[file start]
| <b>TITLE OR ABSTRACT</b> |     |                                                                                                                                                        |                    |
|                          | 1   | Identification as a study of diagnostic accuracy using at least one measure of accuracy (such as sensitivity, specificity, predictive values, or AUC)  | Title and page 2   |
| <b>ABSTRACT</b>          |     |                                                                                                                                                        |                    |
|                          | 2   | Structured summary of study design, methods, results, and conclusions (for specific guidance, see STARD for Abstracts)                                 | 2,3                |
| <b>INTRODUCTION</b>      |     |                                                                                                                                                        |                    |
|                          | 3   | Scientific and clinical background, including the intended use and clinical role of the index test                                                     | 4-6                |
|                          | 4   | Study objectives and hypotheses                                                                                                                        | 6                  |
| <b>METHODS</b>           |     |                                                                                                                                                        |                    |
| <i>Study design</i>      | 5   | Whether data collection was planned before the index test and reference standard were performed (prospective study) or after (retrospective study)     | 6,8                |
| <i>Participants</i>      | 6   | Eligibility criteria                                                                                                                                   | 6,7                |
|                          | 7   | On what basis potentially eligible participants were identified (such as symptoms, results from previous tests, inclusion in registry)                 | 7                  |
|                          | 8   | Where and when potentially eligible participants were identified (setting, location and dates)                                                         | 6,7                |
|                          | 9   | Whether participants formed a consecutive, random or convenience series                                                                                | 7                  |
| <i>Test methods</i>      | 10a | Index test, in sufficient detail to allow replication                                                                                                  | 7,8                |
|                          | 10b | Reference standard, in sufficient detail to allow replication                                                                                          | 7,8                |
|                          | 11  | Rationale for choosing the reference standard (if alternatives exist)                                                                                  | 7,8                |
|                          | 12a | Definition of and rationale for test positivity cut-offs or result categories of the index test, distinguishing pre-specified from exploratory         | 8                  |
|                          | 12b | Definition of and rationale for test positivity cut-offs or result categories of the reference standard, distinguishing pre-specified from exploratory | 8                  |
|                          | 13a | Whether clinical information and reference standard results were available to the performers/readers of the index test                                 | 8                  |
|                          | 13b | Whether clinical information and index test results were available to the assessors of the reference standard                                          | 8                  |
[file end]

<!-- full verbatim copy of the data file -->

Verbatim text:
| <b>TITLE OR ABSTRACT</b> |     |                                                                                                                                                        |                    |
|                          | 1   | Identification as a study of diagnostic accuracy using at least one measure of accuracy (such as sensitivity, specificity, predictive values, or AUC)  | Title and page 2   |
| <b>ABSTRACT</b>          |     |                                                                                                                                                        |                    |
|                          | 2   | Structured summary of study design, methods, results, and conclusions (for specific guidance, see STARD for Abstracts)                                 | 2,3                |
| <b>INTRODUCTION</b>      |     |                                                                                                                                                        |                    |
|                          | 3   | Scientific and clinical background, including the intended use and clinical role of the index test                                                     | 4-6                |
|                          | 4   | Study objectives and hypotheses                                                                                                                        | 6                  |
| <b>METHODS</b>           |     |                                                                                                                                                        |                    |
| <i>Study design</i>      | 5   | Whether data collection was planned before the index test and reference standard were performed (prospective study) or after (retrospective study)     | 6,8                |
| <i>Participants</i>      | 6   | Eligibility criteria                                                                                                                                   | 6,7                |
|                          | 7   | On what basis potentially eligible participants were identified (such as symptoms, results from previous tests, inclusion in registry)                 | 7                  |
|                          | 8   | Where and when potentially eligible participants were identified (setting, location and dates)                                                         | 6,7                |
|                          | 9   | Whether participants formed a consecutive, random or convenience series                                                                                | 7                  |
| <i>Test methods</i>      | 10a | Index test, in sufficient detail to allow replication                                                                                                  | 7,8                |
|                          | 10b | Reference standard, in sufficient detail to allow replication                                                                                          | 7,8                |
|                          | 11  | Rationale for choosing the reference standard (if alternatives exist)                                                                                  | 7,8                |
|                          | 12a | Definition of and rationale for test positivity cut-offs or result categories of the index test, distinguishing pre-specified from exploratory         | 8                  |
|                          | 12b | Definition of and rationale for test positivity cut-offs or result categories of the reference standard, distinguishing pre-specified from exploratory | 8                  |
|                          | 13a | Whether clinical information and reference standard results were available to the performers/readers of the index test                                 | 8                  |
|                          | 13b | Whether clinical information and index test results were available to the assessors of the reference standard                                          | 8                  |